We’re continuing in our series through Jesus’ farewell speech in John 14-17. Yesterday, Jesus promised the Holy Spirit to those who love him and obey his teaching. But who is the Holy Spirit, and what is his role?
Back when my eldest was in Kindergarten, I came home one day to be told by my wife that he had been the “star of the day” at school. (Apparently everyone got a turn at being the “star of the day” at some point. I guess it was to prepare them for life in the real world, where everyone at some stage has their turn at being a reality TV contestant.) So I went in to see him, and started off by saying “I hear you were star of the day.”
“How did you know?” he replied.
Never one to miss an opportunity to mess with my kids’ heads, I said, “You know that new video phone I got? It gives me a live video feed of what’s happening in your classroom.”(It was 2006, and this was still new technology, making it almost believable for a five-year-old.)
“Could you really see me?” he gasped. “What was I doing?”
Feeling confident after a successful Dad-troll, I took a gamble: “I saw you picking your nose.”
He laughed, “Yeah, I did it when the teacher wasn’t looking.”
Fortunately for him, my wife intervened. Otherwise I’d still have him convinced that although I wasn’t there with him physically, my presence was still there at school, all-seeing and all-knowing.
The Spirit is a substitute for Jesus’ physical presence
Now while this would have to be one of the worst Holy Spirit illustrations ever given, it introduces our first point: that the Holy Spirit serves as a substitute for Jesus’ physical presence. He can no longer be with them in the body, but he has provided someone else to continue his presence with them, so he can fulfil his promise to be with them always:
John 14:16-17a And I will ask the Father, and he will give you another advocate to help you and be with you forever— 17 the Spirit of truth.
As I said yesterday, this is probably the most significant statement about the Holy Spirit in all of Scripture. Why?
There are two Greek words that we can translate using the English word “another”. One means “another of a different kind” (as in the sentence, “I don’t like this drink – I want another one.”). But the Greek word used here means “another of the same kind” (as in, “That was a nice drink – I’ll have another one.”) The significance here is that the Holy Spirit will be an advocate of the same kind as Jesus. His role will be similar to the one Jesus performed while he was living with his disciples. In fact, he will perform many of the functions which Jesus himself did during his ministry – as we’ll see in a few weeks when we look at chapter 16. The Holy Spirit will be like Jesus in what he does.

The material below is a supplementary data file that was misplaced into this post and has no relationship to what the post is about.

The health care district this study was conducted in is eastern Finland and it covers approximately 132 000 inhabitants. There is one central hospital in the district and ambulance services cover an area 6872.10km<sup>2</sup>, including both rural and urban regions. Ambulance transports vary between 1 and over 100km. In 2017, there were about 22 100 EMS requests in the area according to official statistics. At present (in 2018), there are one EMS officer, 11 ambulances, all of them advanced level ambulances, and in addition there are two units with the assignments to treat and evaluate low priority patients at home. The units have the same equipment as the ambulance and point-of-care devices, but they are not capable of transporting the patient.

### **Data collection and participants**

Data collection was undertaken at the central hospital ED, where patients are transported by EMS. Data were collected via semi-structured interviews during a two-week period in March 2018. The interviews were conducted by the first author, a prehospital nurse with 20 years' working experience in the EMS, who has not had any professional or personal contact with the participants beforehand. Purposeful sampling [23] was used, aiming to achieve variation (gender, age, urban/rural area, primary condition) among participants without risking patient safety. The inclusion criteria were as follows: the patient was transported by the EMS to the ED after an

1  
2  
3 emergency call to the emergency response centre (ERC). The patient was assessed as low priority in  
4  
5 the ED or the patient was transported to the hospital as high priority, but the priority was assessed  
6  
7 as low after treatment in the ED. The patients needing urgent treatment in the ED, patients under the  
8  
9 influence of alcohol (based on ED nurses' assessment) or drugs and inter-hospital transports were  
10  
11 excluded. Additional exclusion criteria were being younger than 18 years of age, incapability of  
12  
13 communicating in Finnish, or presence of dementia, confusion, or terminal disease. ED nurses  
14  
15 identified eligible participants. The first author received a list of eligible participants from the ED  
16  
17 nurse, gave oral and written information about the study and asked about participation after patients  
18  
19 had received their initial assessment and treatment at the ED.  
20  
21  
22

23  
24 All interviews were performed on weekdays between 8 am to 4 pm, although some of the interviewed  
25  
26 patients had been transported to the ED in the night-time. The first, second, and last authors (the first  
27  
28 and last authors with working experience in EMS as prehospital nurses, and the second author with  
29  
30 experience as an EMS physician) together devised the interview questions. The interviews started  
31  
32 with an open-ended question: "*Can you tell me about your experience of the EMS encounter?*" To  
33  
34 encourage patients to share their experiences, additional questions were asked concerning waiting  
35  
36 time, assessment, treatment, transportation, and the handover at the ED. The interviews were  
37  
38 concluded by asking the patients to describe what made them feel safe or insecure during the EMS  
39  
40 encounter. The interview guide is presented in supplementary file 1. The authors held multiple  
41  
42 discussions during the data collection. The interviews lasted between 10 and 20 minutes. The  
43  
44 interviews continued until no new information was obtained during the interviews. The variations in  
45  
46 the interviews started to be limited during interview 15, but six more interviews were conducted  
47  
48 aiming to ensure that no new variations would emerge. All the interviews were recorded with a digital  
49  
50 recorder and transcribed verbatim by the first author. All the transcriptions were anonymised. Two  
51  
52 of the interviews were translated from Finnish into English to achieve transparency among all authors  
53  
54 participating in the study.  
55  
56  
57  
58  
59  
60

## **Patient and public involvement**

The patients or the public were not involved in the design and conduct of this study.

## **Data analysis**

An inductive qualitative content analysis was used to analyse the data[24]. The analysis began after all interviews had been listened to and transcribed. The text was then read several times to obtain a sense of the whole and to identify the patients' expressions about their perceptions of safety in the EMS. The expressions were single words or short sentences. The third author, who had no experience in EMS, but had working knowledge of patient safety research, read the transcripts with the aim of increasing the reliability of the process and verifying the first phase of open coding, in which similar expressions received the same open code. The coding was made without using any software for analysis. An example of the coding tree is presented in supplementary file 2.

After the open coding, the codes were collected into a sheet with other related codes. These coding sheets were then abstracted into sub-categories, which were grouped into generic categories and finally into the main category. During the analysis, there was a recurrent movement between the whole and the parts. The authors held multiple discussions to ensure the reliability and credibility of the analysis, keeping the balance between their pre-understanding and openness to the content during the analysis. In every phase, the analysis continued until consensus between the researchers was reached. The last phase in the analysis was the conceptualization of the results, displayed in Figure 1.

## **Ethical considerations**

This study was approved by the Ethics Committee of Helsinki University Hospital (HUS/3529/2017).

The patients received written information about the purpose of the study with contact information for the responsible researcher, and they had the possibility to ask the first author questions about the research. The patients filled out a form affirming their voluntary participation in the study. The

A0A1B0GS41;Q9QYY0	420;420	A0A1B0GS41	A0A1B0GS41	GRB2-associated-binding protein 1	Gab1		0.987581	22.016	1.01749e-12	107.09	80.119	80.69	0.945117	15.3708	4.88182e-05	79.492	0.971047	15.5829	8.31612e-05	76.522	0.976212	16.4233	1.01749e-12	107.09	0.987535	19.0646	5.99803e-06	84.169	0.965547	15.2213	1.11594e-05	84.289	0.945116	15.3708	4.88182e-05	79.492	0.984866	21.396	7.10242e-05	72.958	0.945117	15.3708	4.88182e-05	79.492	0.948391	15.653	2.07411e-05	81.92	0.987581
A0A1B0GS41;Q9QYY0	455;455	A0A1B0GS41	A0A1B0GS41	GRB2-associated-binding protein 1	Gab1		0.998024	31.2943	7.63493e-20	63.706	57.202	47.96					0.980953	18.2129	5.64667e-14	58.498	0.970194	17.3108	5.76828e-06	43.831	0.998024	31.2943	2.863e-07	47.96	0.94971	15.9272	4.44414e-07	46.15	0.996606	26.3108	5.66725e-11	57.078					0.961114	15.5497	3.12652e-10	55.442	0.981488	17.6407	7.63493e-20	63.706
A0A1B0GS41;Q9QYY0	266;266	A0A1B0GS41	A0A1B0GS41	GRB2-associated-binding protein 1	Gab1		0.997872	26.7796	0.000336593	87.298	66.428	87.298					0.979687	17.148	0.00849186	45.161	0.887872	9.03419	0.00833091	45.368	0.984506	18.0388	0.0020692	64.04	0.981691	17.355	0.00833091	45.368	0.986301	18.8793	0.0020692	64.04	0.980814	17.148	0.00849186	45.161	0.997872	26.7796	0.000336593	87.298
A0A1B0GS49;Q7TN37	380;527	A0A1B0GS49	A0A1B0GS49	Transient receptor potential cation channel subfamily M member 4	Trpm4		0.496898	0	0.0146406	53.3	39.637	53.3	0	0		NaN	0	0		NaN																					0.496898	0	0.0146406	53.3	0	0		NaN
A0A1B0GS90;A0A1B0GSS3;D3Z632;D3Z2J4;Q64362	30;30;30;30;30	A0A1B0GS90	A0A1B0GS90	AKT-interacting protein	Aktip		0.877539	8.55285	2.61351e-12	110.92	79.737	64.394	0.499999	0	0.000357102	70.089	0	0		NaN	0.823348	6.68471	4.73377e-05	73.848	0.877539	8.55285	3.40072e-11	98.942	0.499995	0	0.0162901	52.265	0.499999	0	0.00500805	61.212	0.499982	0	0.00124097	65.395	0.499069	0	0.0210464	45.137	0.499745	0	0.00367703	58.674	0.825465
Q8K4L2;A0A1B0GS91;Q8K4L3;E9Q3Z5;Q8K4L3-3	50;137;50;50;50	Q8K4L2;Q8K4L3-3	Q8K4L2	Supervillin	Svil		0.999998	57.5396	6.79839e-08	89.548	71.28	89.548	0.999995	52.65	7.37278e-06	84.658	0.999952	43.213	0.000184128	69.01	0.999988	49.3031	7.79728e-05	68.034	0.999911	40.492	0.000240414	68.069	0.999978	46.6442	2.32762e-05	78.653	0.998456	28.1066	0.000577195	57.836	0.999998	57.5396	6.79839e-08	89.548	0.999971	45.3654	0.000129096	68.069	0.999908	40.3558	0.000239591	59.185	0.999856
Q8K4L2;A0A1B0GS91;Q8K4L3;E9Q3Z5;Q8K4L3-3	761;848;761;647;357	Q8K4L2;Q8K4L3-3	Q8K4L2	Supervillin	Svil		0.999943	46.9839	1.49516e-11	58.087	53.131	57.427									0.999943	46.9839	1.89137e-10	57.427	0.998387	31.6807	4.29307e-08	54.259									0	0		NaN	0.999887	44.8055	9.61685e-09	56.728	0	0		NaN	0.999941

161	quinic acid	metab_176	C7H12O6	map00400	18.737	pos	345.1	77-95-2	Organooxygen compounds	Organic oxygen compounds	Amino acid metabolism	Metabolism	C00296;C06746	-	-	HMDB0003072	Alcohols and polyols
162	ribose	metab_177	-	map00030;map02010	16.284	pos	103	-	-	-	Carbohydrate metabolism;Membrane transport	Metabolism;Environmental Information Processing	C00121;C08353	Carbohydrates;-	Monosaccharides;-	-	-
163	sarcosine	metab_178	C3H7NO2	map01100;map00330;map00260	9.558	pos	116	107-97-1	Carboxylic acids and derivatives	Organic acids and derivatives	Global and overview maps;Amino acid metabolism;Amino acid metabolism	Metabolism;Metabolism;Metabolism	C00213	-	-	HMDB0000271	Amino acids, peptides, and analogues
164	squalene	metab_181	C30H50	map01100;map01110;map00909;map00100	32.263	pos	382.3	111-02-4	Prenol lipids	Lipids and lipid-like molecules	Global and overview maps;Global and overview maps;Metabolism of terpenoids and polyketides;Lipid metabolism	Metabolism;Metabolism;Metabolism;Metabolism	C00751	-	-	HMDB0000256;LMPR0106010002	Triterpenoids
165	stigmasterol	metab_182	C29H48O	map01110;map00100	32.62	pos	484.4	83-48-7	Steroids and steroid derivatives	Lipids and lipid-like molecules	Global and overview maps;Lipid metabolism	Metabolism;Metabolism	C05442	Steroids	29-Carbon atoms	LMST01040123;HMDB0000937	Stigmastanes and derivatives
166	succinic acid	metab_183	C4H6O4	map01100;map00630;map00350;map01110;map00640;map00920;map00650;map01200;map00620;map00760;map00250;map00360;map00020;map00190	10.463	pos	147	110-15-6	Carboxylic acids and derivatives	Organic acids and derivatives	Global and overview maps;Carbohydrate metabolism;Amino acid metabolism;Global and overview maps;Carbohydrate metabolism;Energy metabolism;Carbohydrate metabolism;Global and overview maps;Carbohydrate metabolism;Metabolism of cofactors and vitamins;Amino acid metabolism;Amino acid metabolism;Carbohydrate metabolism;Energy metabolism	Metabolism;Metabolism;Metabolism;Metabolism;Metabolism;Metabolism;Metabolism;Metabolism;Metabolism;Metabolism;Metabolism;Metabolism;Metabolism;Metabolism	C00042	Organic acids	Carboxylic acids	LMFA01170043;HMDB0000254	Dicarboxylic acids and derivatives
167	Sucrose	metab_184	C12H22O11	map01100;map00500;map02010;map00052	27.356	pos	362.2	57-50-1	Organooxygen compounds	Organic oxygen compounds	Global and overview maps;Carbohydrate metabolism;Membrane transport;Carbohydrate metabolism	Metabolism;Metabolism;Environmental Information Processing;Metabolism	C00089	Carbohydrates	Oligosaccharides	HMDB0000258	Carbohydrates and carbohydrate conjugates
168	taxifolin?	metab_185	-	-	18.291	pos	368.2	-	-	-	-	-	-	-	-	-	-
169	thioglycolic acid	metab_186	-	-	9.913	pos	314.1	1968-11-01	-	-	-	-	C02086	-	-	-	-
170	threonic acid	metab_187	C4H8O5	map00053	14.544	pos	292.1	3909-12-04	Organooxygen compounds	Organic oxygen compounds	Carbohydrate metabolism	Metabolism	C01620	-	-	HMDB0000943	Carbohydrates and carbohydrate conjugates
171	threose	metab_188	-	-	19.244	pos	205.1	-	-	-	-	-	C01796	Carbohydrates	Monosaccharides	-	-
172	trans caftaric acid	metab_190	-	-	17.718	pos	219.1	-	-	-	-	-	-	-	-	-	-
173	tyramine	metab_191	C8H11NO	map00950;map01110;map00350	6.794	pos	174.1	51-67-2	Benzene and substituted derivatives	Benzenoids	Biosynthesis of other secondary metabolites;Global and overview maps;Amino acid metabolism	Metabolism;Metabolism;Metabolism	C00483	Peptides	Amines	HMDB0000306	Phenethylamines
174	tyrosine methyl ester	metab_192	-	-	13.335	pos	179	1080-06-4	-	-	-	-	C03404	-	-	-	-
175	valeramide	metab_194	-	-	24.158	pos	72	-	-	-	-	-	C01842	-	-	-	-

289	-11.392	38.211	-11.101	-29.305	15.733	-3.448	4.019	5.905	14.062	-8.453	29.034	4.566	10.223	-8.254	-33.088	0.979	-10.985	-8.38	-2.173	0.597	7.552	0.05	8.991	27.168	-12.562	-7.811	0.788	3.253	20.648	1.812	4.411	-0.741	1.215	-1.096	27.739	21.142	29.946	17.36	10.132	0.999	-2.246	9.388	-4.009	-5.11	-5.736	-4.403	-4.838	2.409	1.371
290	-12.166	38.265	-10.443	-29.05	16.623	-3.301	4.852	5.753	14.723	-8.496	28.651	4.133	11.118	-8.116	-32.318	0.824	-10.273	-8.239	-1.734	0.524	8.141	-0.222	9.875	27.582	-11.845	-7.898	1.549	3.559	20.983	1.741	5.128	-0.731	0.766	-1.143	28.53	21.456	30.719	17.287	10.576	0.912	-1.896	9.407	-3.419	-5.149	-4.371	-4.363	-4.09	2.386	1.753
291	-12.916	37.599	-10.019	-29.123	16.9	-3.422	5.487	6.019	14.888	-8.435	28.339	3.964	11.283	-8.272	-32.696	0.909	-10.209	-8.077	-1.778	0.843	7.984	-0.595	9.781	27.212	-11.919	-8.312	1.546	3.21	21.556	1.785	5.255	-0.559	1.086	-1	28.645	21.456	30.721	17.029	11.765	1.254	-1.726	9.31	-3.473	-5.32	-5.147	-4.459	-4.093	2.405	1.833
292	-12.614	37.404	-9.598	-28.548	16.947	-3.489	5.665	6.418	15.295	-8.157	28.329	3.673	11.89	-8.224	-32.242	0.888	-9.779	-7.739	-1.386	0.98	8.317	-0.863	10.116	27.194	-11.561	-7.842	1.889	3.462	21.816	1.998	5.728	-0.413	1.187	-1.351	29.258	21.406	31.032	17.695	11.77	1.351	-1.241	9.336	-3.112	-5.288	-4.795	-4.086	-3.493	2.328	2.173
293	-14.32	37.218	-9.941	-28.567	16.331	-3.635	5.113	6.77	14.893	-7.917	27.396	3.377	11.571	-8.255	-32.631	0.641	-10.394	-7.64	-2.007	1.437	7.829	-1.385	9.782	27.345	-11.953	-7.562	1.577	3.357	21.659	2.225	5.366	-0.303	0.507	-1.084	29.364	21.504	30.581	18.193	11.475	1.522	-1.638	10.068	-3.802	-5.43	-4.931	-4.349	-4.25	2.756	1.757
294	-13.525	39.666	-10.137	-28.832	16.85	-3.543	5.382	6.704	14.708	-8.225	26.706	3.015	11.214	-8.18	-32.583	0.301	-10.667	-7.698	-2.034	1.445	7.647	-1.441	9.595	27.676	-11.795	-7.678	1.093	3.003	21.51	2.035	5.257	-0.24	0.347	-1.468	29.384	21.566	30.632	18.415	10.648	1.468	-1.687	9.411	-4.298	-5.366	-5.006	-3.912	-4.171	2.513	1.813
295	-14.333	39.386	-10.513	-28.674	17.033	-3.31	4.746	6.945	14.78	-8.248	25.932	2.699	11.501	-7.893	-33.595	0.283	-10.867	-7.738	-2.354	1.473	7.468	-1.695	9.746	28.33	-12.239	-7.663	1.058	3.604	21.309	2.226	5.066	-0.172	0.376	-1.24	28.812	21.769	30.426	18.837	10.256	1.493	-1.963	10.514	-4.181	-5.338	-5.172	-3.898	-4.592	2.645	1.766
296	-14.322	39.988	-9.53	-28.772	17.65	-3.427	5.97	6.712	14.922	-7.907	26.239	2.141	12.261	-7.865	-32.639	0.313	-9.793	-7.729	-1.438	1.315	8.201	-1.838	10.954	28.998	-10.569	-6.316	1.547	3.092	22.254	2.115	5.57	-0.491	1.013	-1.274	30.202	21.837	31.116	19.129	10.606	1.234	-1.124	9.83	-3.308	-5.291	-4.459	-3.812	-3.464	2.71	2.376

In short, by using this word another, we’re told that a lot of what we’ve learned about Jesus also applies to the Holy Spirit.
Notice, too, that he’s described as another advocate. Now the Greek word for this is parakletos (usually Anglicised to “paraclete”), and is difficult to express using one English word. Literally, it means “someone who comes along side,” and it has courtroom connotations. Various translations go for: comforter, helper, companion, or counsellor, but I think the NIV’s “advocate” is the best, as it communicates the idea of a person who encourages us, advises us, and even defends us in court. Yet it’s much broader than just that, which is what the other translations were trying to express.
At any rate, by describing the Spirit as an ‘advocate’ or ‘counsellor’, Jesus is drawing attention to his role as one who gives us support, and who fights alongside us. In the Old Testament God was often portrayed as a warrior who fought with and on behalf of his people:
Deuteronomy 20:4 For the Lord your God is the one who goes with you to fight for you against your enemies to give you victory.
The Spirit is similarly God-with-us, on our side, fighting for us. Although Jesus could no longer be with us in person, he has sent a substitute – the advocate, who is always with us. And, says Jesus, he can only be given when Jesus goes:
John 14:18-20 I will not leave you as orphans; I will come to you. 19 Before long, the world will not see me anymore, but you will see me. Because I live, you also will live. 20 On that day you will realize that I am in my Father, and you are in me, and I am in you.
He says it even more explicitly in chapter 16:
John 16:7 “But very truly I tell you, it is for your good that I am going away. Unless I go away, the Advocate will not come to you; but if I go, I will send him to you.”
Jesus is saying that he will die, and then he will come back from the dead. And that is when he can send the Spirit. We read that it did indeed happen in John chapter 20, after he had appeared to his disciples:
John 20:21-22 Again Jesus said, “Peace be with you! As the Father has sent me, I am sending you.” 22 And with that he breathed on them and said, “Receive the Holy Spirit…”
Jesus’ work on the cross removed the barrier between us and God that was caused by sin. We can now have God dwelling with us, which he does in the person of the Holy Spirit. But that’s what tomorrow will be about…